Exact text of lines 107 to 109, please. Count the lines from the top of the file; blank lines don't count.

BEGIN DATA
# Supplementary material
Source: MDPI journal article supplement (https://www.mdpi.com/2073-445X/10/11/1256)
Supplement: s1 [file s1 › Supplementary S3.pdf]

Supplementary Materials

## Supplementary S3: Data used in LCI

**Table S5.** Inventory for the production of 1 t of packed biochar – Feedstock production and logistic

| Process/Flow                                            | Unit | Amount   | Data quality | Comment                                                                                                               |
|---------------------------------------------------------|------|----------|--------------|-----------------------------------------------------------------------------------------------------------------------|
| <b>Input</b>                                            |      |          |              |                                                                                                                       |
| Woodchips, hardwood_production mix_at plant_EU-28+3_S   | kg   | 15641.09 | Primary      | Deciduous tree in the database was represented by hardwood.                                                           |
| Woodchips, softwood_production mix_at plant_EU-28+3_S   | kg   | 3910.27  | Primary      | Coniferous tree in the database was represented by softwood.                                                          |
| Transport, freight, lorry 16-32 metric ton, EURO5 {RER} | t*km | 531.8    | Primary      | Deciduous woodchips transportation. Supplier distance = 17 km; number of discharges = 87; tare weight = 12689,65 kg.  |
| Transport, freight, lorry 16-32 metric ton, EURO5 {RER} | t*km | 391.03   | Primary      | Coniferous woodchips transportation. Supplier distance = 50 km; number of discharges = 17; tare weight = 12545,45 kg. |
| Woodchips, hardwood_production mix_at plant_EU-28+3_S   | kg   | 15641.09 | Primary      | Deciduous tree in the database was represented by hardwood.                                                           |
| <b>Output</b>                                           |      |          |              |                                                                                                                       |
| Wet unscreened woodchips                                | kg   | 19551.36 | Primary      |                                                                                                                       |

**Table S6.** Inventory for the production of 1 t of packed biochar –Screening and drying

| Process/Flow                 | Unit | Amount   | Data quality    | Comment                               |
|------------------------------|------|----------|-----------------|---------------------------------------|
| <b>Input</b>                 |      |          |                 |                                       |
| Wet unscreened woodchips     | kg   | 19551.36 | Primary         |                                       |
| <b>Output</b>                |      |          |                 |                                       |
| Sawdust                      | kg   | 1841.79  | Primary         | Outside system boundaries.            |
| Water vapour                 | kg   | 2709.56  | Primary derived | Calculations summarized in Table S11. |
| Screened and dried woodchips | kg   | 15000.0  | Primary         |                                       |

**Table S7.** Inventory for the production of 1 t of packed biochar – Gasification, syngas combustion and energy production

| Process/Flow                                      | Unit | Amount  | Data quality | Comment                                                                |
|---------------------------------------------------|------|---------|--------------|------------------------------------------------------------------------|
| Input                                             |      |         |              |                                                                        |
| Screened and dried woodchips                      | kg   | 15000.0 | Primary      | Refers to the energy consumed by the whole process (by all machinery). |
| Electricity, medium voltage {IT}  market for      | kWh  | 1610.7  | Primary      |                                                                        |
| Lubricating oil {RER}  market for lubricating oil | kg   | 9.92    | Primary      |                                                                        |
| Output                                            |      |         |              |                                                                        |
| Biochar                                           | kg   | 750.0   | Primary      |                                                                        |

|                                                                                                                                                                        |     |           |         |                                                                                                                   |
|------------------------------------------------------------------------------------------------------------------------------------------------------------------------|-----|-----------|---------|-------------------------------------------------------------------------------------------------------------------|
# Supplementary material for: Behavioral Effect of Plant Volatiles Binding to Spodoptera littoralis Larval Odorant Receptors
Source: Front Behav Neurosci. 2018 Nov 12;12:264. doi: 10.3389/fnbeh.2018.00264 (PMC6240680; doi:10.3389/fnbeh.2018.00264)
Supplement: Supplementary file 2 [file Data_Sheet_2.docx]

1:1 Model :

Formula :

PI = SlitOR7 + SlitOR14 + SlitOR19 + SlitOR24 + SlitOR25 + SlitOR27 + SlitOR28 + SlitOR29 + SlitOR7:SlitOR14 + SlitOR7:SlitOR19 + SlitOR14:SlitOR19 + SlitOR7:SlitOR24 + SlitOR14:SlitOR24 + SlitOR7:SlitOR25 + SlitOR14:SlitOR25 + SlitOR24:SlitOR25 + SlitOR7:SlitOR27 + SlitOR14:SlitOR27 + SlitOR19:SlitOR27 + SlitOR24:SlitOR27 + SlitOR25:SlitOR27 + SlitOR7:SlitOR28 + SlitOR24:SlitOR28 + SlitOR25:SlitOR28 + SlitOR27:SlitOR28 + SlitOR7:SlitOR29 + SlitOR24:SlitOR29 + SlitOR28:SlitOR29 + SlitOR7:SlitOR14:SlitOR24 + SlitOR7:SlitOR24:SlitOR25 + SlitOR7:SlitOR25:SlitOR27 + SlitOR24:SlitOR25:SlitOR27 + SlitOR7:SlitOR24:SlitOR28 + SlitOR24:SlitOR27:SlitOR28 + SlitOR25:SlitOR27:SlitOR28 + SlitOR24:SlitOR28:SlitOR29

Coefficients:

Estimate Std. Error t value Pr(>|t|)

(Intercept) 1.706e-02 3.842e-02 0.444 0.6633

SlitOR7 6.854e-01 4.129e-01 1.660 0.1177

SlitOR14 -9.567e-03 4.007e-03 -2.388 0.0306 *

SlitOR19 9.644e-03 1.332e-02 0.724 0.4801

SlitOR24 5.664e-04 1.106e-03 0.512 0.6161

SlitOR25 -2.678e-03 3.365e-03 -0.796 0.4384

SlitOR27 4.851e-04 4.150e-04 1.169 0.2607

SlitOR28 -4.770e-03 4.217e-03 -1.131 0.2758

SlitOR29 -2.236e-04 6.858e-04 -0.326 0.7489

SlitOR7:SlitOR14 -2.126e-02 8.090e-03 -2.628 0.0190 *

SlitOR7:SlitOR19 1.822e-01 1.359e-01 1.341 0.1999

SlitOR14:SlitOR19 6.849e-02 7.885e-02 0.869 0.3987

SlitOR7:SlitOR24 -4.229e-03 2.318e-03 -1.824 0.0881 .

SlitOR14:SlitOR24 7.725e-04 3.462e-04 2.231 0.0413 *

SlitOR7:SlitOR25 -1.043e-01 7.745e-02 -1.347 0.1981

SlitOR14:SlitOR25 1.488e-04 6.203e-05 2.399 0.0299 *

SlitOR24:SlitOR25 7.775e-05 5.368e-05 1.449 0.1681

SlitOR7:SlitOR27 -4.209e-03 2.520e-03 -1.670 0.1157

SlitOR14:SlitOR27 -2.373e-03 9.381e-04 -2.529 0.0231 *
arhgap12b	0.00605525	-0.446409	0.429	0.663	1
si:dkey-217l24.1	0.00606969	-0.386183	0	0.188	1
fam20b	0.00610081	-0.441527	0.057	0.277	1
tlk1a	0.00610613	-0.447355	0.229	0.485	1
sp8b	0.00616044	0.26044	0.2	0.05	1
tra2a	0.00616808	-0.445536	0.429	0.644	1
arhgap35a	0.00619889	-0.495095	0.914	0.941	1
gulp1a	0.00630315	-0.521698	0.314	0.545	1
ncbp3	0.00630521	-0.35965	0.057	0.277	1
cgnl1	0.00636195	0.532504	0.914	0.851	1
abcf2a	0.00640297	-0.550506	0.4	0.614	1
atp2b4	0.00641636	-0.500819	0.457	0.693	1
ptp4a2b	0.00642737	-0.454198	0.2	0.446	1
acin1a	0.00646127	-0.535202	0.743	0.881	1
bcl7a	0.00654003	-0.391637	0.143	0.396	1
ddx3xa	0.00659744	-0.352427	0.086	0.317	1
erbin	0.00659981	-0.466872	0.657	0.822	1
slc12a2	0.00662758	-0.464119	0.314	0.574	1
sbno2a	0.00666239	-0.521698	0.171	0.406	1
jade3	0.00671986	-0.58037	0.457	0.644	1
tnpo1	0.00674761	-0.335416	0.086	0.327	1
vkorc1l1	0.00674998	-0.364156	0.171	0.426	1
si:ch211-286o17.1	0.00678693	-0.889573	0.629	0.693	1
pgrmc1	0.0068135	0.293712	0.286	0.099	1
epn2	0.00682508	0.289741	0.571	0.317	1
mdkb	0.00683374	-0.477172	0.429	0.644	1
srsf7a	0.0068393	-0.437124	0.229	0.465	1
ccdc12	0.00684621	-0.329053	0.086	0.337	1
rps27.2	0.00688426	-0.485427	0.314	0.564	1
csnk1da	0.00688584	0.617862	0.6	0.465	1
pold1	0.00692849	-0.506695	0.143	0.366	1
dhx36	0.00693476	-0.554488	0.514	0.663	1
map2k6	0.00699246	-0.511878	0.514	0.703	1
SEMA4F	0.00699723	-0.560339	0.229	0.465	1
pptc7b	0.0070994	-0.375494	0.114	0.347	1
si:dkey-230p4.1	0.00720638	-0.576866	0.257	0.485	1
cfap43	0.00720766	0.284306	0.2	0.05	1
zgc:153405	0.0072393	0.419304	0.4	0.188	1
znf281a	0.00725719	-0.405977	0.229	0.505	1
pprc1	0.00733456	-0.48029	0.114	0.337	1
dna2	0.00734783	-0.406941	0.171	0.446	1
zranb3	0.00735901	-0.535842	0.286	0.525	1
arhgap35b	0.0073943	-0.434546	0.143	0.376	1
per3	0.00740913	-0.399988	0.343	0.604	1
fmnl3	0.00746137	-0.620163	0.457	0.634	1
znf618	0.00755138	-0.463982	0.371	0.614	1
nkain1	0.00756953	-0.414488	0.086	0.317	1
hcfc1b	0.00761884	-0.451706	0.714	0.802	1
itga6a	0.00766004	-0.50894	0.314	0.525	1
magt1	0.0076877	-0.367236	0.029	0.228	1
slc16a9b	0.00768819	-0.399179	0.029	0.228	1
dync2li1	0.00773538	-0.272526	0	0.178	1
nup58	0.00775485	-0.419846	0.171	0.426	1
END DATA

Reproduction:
per3	0.00740913	-0.399988	0.343	0.604	1
fmnl3	0.00746137	-0.620163	0.457	0.634	1
znf618	0.00755138	-0.463982	0.371	0.614	1